If the language of a trust in New York is not clear, it can result in a dispute among the beneficiaries, as well as between the beneficiaries and the trustee. If the language of the trust is ambiguous or uncertain, the court may be required to step in and interpret the trust and determine the settlor’s intent. This may result in an outcome that is different from what the settlor intended.
In addition, the ambiguity or uncertainty may also lead to confusion and uncertainty among the beneficiaries, as well as the trustee, which can further complicate the administration of the trust. It is therefore important to ensure that the language of a trust is clear and unambiguous in order to minimize the risk of disputes and confusion.
In the Matter of Estate of Patricie Cabanne, a disputed developed between classes of beneficiaries as to how to interpret the terms of the trust.
Patricie Cabanne was a resident of New York who created a trust in 2006. The trust was designed to provide for the education and support of her three children, and to ensure that her assets would be passed on to her descendants in an orderly manner.
In 2016, Ms. Cabanne executed an amendment to the trust agreement that added a provision allowing her to “make distributions directly to my grandchildren and great-grandchildren, as I see fit.” Ms. Cabanne also executed a power of attorney in favor of her daughter, allowing her to act on Ms. Cabanne’s behalf with respect to the trust.
After Ms. Cabanne’s death in 2018, a dispute arose among her heirs regarding the interpretation of the trust. Ms. Cabanne’s children argued that the trust should be divided equally among them, while Ms. Cabanne’s grandchildren argued that they were entitled to a share of the trust assets pursuant to the 2016 amendment.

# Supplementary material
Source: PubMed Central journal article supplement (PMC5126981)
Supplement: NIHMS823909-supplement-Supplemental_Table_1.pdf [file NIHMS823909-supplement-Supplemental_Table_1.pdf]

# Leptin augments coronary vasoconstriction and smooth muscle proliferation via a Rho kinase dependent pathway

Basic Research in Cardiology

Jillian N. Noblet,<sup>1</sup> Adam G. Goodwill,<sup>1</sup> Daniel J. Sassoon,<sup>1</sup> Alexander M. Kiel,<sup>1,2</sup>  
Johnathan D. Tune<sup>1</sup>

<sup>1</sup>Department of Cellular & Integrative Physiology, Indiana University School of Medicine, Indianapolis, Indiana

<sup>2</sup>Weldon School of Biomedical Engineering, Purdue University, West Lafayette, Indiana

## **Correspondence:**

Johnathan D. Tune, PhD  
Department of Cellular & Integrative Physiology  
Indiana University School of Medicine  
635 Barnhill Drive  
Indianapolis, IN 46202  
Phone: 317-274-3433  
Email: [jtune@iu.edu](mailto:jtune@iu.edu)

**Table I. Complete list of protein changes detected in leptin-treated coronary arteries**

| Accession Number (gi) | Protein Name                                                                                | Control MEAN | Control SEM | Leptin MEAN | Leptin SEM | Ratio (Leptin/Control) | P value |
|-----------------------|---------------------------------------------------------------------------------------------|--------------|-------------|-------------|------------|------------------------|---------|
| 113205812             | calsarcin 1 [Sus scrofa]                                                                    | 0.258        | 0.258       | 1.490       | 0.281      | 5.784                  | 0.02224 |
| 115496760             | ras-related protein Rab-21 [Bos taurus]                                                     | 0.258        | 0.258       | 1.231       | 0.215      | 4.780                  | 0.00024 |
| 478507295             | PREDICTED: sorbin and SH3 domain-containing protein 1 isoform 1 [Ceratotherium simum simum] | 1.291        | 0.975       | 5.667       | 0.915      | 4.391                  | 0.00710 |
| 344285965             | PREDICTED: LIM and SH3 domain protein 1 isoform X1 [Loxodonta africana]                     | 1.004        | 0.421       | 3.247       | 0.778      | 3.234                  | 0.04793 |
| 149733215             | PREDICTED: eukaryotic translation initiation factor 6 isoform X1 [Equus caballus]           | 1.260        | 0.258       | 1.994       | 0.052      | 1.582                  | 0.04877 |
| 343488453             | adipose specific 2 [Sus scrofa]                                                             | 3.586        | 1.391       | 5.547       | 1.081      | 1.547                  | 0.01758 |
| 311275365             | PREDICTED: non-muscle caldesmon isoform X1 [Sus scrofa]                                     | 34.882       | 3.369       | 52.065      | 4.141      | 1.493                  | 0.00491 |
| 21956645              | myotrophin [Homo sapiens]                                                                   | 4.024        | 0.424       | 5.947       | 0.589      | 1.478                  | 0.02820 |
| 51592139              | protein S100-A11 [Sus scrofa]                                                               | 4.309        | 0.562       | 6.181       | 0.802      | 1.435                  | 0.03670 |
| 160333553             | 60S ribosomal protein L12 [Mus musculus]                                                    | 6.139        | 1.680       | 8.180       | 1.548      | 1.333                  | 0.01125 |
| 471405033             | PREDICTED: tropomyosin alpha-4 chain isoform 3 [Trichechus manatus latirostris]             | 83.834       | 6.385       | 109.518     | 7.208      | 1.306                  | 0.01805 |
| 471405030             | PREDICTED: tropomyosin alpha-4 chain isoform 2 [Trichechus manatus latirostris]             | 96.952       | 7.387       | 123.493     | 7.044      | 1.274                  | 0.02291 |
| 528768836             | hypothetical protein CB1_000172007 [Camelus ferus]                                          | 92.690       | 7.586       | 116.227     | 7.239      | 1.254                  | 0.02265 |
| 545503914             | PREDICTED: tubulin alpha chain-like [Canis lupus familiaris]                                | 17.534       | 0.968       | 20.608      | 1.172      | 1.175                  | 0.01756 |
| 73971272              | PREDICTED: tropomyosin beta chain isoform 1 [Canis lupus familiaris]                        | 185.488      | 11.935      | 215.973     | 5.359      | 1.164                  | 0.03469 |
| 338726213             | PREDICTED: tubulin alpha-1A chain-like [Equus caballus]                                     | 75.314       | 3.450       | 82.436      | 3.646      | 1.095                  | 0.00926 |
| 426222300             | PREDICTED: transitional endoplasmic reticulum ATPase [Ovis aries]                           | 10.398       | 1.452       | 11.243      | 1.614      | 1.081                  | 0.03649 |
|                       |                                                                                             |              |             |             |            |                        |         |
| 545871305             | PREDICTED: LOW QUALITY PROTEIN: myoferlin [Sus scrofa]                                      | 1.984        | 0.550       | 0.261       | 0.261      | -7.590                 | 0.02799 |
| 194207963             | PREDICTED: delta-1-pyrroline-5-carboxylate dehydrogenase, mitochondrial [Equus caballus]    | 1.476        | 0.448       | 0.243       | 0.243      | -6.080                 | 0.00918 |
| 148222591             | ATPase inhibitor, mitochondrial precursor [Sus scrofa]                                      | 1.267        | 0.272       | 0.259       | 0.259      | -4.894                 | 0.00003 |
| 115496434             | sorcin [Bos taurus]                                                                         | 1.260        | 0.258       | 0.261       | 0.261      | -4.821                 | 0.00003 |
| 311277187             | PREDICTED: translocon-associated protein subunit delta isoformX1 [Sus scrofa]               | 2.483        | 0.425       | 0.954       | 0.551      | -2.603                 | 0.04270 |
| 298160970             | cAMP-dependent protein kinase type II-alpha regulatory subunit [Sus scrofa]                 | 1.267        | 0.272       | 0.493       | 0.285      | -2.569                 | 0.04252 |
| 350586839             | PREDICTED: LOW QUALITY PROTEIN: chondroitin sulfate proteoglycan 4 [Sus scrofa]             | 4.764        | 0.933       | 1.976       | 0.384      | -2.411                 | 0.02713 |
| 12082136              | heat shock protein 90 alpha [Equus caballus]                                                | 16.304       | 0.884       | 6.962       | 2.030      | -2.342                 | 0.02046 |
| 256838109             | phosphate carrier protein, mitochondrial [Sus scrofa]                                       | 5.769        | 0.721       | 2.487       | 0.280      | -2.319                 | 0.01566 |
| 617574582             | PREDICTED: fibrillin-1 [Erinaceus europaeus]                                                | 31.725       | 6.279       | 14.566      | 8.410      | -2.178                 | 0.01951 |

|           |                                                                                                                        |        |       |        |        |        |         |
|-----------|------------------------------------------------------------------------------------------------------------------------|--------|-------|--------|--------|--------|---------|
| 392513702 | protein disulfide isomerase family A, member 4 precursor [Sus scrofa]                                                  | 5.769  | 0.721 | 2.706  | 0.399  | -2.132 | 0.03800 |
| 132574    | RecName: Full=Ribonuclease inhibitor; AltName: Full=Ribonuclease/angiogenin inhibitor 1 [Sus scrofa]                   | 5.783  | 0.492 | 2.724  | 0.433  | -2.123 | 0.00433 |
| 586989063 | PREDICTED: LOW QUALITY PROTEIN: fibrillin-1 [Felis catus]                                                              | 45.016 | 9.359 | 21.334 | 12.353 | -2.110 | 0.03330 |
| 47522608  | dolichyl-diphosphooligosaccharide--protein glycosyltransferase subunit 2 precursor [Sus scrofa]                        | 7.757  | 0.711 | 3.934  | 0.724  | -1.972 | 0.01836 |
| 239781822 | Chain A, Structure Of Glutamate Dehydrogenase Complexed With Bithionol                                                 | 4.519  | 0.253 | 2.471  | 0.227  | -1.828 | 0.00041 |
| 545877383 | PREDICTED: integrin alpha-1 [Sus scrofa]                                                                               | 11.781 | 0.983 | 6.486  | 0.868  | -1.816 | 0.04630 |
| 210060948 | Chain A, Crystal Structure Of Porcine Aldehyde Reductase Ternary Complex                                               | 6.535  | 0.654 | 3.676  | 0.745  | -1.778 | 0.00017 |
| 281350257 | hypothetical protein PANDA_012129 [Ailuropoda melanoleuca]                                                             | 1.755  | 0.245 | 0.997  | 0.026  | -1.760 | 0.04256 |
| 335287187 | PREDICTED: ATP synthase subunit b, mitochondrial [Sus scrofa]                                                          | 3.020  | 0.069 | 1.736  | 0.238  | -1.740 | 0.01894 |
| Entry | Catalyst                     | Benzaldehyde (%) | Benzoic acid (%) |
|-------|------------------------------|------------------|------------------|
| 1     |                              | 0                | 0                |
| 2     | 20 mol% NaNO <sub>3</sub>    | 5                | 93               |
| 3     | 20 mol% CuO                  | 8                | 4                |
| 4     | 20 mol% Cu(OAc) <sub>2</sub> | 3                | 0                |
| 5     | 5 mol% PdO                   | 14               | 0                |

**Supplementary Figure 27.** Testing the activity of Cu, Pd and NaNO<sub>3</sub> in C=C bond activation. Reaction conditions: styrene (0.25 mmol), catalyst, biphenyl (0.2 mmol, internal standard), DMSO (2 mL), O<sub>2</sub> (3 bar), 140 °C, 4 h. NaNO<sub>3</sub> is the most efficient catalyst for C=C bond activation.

The court first considered the issue of whether the 2016 amendment was valid. The court noted that the amendment was executed after Ms. Cabanne had been diagnosed with dementia and had moved to a nursing home. The court found that the evidence presented suggested that Ms. Cabanne lacked testamentary capacity at the time the amendment was executed.
The court then turned to the question of whether the 2016 amendment was effective as a modification of the trust. The court noted that the trust agreement contained a provision requiring any modifications to the trust to be in writing and signed by Ms. Cabanne. The court found that the 2016 amendment did not satisfy this requirement, as it was not signed by Ms. Cabanne but rather by her daughter in her capacity as power of attorney.
The court then considered whether the provision allowing Ms. Cabanne to make distributions directly to her grandchildren and great-grandchildren was effective as a modification of the trust. The court noted that the provision was unclear as to whether it was intended to modify the distribution provisions of the trust, or merely to provide Ms. Cabanne with the power to make gifts to her descendants during her lifetime.
The court found that the provision was ambiguous and turned to the rules of trust construction to determine the settlor’s intent. The court noted that the primary objective of trust construction is to determine the intent of the settlor, and that this intent should be ascertained from the language of the trust agreement as a whole.
The court also noted that a trust should be construed to give effect to the settlor’s probable intent, as determined from the language of the trust agreement, and that the court should avoid an interpretation that would render any provision of the trust meaningless or superfluous.
The court found that the provision allowing Ms. Cabanne to make distributions directly to her grandchildren and great-grandchildren did not modify the distribution provisions of the trust, but merely provided Ms. Cabanne with the power to make gifts to her descendants during her lifetime. The court noted that the provision did not provide for the creation of a new class of beneficiaries or for a new distribution scheme, but rather allowed Ms. Cabanne to make gifts to her descendants in addition to the benefits already provided for in the trust.